Saturday, January 7, 2012

Breaking the Rules

We all speed, right? Okay, well, most of us.

But we know what a speed limit is, right? It's a rule, and it's there for a reason, even if we only treat it as a guideline. And we know what it's for. It's designed to prevent deadly accidents, as a reminder insisting we should only go a certain speed (or lower, not higher).

We follow other rules that are even more important:

Drive on the correct side of the road.
Stop completely before opening your car door.
Don't leave your car running when you are filling it up with gas.

It isn't just cars that come with rules, either. We have rules at work (wear clothing), rules at home (place your dishes in the sink), rules governing writing (use commas where appropriate).

Yet there are also times when one must break the rules. Or when one can break the rules, and get away with it. Rules schmules, one might say. But one would be wrong. Technically, to break a rule, one should know what the rule is and why one is breaking it.

Two requirements for effective rule breaking, in life as in writing.

"Why?" you might pout, stomping your feet. "Why can't I just break the rule without these?"

Let's handle the first requirement: To break a rule effectively, one must know what it is. Now let's imagine you attend high school one day wearing nothing but your underwear. But this is the first time you've been to a real high school, and when your mother home schooled you she let you wear whatever. So all the other kids are staring at you, and you don't know why. You are promptly called into the office and then sent home to change, and when you realize what you've done--the rule you broke--you know you can never return to that school again. Too embarrassed.

Why? Because you didn't know the rule... and broke it in front of everybody.

Now imagine that your principal has restated the dress code over the intercom lately, and you decide he's just a bit too rigid with his skirt length requirements and banning of shirts with decals on them. So you create a shirt that has a hangman on it, all but one leg, with the blanks below saying "F_ _ _ You," and wear it atop a super mini skirt--which you've torn five inches from that morning on the bus--that shows off your cheeks when you sit down.  Now you're sent to the principal's office, and maybe you're even given suspension, but the rest of the school idolizes you for such an act of rebellion. You are forever cool. You are a hero, or at least an anti-hero, and people will talk about you even at your 25-year reunion.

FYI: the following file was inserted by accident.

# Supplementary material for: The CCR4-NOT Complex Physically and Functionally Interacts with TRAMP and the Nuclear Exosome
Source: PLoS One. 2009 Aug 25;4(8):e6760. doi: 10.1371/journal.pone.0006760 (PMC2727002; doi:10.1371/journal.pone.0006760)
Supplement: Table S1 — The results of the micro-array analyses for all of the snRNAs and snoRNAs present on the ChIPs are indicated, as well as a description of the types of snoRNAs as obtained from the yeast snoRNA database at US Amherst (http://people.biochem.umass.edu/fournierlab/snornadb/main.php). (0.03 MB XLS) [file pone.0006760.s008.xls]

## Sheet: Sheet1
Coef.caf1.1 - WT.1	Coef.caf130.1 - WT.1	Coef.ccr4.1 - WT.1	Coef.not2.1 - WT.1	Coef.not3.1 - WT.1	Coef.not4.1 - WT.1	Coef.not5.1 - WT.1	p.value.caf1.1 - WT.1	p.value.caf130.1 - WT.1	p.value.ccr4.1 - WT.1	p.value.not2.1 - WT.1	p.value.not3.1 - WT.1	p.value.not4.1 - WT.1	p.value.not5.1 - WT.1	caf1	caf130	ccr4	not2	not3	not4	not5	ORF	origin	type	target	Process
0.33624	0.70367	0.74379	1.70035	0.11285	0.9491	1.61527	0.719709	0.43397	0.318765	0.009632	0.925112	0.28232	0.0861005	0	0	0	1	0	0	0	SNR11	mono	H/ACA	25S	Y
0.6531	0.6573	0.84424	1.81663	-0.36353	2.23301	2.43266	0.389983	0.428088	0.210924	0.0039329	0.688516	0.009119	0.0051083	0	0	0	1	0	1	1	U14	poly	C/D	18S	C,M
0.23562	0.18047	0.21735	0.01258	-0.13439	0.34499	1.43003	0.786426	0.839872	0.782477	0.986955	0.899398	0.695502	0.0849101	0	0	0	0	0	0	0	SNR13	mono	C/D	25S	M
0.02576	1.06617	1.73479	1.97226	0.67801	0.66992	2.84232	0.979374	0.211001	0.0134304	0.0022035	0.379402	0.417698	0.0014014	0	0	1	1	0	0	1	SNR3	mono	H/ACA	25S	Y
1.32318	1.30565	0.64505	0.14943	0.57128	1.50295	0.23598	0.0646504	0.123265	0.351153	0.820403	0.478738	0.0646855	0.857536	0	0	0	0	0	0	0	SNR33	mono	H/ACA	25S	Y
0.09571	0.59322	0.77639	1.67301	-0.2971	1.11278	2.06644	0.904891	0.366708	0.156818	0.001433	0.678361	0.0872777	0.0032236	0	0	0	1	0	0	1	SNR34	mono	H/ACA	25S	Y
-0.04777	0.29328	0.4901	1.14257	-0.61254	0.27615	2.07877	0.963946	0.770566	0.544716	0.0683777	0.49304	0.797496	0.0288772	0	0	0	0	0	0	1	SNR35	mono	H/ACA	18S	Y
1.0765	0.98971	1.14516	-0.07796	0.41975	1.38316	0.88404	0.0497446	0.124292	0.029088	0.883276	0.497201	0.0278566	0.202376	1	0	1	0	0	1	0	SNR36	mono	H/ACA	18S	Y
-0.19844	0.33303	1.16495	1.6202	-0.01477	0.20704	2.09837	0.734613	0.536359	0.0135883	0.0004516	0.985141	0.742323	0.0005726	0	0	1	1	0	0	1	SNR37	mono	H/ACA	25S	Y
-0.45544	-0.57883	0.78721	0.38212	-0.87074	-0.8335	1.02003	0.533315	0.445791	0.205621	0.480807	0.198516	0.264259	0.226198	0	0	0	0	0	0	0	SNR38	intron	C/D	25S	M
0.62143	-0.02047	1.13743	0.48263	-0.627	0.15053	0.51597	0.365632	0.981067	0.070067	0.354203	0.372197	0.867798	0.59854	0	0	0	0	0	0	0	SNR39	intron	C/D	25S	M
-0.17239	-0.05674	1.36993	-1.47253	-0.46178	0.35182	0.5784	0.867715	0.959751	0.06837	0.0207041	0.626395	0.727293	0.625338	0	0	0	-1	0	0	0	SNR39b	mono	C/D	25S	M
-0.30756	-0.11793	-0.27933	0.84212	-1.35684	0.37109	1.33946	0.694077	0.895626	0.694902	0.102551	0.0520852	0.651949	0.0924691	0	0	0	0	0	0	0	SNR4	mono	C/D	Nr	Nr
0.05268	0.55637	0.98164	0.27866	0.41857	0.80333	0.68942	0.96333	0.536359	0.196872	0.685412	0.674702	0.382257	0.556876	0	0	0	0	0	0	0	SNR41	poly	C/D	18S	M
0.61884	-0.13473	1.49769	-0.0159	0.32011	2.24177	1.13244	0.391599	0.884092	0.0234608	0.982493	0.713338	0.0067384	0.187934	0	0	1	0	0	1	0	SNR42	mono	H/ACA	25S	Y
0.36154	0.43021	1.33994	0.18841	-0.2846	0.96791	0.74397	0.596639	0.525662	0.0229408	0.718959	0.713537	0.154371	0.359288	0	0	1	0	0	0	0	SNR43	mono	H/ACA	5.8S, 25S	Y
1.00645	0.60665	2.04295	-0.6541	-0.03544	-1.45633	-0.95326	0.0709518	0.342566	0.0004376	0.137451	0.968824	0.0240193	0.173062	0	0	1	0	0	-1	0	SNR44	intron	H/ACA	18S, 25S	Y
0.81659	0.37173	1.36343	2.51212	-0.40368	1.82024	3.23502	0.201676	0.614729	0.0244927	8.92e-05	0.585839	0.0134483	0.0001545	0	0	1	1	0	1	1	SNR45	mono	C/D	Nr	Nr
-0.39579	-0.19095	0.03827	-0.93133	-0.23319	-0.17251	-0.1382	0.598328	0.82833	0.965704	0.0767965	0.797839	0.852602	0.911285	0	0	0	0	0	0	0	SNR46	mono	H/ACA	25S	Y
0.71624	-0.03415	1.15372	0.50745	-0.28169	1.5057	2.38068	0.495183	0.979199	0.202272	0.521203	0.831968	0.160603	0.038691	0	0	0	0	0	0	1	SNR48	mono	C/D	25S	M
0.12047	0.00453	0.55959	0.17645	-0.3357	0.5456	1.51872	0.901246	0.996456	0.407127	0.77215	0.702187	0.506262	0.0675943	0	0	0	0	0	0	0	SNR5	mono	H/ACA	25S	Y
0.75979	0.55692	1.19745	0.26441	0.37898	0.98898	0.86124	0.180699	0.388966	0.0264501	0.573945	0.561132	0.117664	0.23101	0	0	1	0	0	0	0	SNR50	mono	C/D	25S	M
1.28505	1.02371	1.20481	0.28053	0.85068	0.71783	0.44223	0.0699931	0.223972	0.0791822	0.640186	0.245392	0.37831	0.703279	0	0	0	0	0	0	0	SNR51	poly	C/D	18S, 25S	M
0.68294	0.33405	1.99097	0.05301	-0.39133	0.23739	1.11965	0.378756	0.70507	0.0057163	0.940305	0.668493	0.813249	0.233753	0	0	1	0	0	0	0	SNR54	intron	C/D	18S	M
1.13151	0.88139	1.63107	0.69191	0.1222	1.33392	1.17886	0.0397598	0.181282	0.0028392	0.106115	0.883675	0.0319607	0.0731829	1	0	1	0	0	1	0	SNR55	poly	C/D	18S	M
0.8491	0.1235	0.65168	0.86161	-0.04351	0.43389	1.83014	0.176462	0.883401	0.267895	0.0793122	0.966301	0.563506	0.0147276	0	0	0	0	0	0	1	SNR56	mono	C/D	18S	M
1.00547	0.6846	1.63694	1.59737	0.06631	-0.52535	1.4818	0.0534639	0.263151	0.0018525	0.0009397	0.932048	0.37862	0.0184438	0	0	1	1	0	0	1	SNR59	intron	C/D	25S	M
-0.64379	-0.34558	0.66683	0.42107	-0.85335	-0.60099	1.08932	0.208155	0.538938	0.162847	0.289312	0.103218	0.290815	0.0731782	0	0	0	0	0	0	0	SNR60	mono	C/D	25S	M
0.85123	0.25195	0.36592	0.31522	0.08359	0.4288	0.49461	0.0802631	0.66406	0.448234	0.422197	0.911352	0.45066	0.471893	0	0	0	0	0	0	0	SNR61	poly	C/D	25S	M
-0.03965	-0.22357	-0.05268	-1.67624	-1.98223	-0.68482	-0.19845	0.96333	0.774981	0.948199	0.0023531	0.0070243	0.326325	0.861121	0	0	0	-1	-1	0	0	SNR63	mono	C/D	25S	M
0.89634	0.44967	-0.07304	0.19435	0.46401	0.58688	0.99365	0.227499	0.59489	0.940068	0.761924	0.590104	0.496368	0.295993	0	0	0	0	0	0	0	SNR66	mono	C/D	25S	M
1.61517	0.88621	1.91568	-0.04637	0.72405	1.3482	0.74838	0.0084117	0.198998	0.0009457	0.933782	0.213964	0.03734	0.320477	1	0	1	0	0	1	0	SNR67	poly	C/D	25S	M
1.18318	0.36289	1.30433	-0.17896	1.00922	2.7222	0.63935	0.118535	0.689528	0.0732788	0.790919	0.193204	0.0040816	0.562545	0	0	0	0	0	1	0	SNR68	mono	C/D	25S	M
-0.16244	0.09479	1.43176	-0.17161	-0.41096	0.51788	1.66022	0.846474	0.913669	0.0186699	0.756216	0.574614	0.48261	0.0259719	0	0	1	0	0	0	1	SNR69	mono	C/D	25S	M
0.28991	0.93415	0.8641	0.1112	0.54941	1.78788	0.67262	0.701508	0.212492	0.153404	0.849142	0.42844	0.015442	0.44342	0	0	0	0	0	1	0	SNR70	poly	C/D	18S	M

The difference? You broke the rule because you knew what it was and deliberately wanted to create the effect by breaking it.

The same goes with writing rules. Rules have a reason for being, but many writers make mistakes because they don't know the rules well enough. Suddenly, they put, commas, everywhere they can, because they have, no, earthly, clue where to put them. Or they run on and on with no end in sight they can't figure out the proper end mark they wonder whether similar thoughts all belong in the same sentence they think if they put too many end marks in the writing will be choppy or they don't read it aloud and see how horrible it sounds when it's all mushed together.

Not understanding the rules makes it hard to write anything effective. The errors, rather than emphasizing something cool, drive readers crazy. And when the writer figures out what he or she has done, it's extremely embarrassing (or should be).

When one chooses to create a fragment, or to explode a scene in an unusual way, or to make the villain into the hero, or to break any number of writing rules, that choice is made for a reason. (Note: Laziness is not a reason. Or at least not a valid one. And you'll notice that this sentence, the one before it, and several others above are also fragments. Completely intentional. Not lazy. That's two more fragments.)

Go ahead, break the rules. However, if you don't know the rules, find them out first. READ. Find a grammar book and go through the exercises. Learn to find your verbs and make them more vivid. Practice, practice, practice. Did I say READ? Yeah, do that. And once you know the rules, and you discover that breaking one of them--or a few--can add to your narrative voice, could shape an entire scene, might change how readers view a character, THAT is when you can break them. Knowingly.

Don't go in for involuntary rule-breaking. Have your eyes wide open. Do it with knowledge and forethought. Plan it out. And if anybody asks why your underpants are showing, tell them why.

You might just become a hero yourself.

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